Here’s Your No-Fail Recipe for a Spectacular Fried Onion Blossom, Courtesy of Westwood
You’ll need a 12-ounce onion, a sharp knife and as much ranch as your family demands
Whether you call it a bloomin’ onion, an awesome blossom or a Texas rose, a battered-and-fried whole onion is American excess at its finest. It’s also a natural fit at Westwood, the San Francisco restaurant, bar and venue with deer antlers hanging on the walls and a mechanical bull centerpiece.
Here, Chef Jesus Dominguez bathes a whole onion in buttermilk and coats it in seasoned flour before sending it on a trip through the deep fryer. The allium emerges sporting crisp, flavorful petals just begging to be dipped in ranch, honey mustard or blue cheese dressing. Or all three. According to Dominguez, diners at Westwood frequently ask him how they can recreate this appetizer at home.
“It’s not that simple to execute if you don’t have the skills and the proper equipment,” says the former sous chef of two-Michelin-starred Taj Campton Place. “But it’s definitely doable for someone that likes a good fried onion blossom!”
Set yourself up for success by starting with a yellow onion, which Dominguez prefers not just for its balanced flavor, which only gets sweeter when cooked, but for its potential to grow frankly massive in size. Indeed, according to Dominguez, yellow onions are the only ones that can grow large enough for an iteration of this dish that can serve two or more people. While you won’t need the 18-pound one that smashed the former Guinness World Record for onion size, it should be easy enough to find a yellow onion softball clocking in at around 12 ounces.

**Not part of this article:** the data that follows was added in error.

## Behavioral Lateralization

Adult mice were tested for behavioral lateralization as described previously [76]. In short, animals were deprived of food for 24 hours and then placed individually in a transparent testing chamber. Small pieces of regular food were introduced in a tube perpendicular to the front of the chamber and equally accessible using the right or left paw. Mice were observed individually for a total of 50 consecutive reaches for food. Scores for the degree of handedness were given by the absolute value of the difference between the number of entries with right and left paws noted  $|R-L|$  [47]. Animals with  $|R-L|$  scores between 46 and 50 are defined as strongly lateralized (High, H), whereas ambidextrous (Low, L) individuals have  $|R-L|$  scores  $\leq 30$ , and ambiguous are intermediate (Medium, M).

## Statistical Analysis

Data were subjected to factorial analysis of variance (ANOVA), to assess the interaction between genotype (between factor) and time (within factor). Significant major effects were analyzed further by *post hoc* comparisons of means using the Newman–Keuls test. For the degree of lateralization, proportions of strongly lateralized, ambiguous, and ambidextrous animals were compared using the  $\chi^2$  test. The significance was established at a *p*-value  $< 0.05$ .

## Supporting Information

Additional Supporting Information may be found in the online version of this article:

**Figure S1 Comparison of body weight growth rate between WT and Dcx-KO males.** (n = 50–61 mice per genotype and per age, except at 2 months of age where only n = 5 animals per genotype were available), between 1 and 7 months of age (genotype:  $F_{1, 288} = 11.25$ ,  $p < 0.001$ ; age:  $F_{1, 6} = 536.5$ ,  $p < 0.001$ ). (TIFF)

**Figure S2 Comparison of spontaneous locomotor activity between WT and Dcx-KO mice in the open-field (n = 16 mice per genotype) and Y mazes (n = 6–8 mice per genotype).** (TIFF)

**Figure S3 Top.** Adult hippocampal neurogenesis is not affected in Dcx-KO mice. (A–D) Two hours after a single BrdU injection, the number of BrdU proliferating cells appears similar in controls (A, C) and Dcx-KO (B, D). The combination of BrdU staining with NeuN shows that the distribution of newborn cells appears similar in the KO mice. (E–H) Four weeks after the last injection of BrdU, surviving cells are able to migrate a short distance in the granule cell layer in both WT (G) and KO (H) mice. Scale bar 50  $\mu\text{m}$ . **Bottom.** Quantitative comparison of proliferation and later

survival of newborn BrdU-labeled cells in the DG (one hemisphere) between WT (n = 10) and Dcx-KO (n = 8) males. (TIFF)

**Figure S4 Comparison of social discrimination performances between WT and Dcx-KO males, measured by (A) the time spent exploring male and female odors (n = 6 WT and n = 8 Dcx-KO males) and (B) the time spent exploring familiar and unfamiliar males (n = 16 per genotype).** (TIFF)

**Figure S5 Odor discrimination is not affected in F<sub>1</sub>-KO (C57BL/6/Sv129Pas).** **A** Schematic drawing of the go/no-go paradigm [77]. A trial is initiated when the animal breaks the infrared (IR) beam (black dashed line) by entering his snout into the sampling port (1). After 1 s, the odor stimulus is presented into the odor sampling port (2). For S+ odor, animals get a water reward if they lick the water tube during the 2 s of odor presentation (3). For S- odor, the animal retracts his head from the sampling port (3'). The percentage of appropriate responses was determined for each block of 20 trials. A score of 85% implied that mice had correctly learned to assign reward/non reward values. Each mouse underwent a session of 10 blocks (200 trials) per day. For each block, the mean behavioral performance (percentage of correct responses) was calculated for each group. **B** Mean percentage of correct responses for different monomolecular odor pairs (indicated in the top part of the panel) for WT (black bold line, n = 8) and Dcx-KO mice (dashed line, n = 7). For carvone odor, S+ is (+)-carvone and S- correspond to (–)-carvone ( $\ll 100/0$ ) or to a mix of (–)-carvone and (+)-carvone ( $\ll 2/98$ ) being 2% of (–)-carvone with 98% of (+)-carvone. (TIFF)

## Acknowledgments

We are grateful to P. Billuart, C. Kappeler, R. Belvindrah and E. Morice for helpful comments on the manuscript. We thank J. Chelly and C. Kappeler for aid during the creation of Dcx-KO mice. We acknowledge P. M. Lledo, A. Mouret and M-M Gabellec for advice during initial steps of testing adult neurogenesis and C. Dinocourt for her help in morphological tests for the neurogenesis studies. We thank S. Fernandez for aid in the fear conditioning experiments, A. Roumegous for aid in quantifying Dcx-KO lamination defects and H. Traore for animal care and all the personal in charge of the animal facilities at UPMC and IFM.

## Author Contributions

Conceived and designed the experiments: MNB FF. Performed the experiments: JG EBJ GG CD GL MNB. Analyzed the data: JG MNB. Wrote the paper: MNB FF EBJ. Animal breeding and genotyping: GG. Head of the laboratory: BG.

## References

Once you’ve sourced your onion, it’s time to slice it up so that it blooms when fried. While Dominguez notes that he relies on a special onion slicer to get the job done at Westwood, if you don’t want to invest $600 in such a tool, this process is easy enough to carry out with a sharp chef’s knife. Start by removing the top end of the onion, leaving the root intact. Peel the onion and quarter it from tip to just above the root, then rotate and slice once more into eighths, taking care not to slice too far and risk the onion coming apart in the fryer.
“I like to say it’s almost like cutting a cake,” Dominguez says of the ideal technique.
He also offers one last insider tip: Getting all your slicing done the night before allows the onion time to render its moisture. That way, he explains, once breaded, the onion “maintains the perfect consistency”: crisp, crunchy and oh-so satisfying.
Westwood’s Fried Onion Blossom
- 1 large yellow onion
- 1 gallon vegetable oil
- 2 qt. buttermilk
- 4 Tbsp. kosher salt, divided
- 3 Tbsp. ground pepper, divided
- 1 lb. all-purpose flour
- 2 tsp. smoked paprika
- 2 tsp. granulated onion
- 2 Tbsp. granulated garlic
- 2 tsp. sugar
- 2 tsp. Old Bay
- 2 tsp. cayenne pepper
- The night before, cut off the top of the onion and peel it, leaving the root intact. Cut it into eighths without cutting all the way through the root. Chill overnight.
- The next day, preheat the oil to 325º F. Season the buttermilk with 2 tablespoons kosher salt and 2 tablespoons ground pepper. Mix the remaining dry ingredients and spices together to create the seasoned flour.
- Immerse the onion in the buttermilk until all of the layers are coated. Then cover the onion in the seasoned flour, ensuring each of the petals of the onion blossom are nicely coated with the mixture.
- Carefully drop the breaded onion into the oil, and let the batter set before touching or moving the onion. Fry for 8-10 minutes, then remove and drain on paper towels. Season with salt and pepper, and serve with the dipping sauce of your choice.
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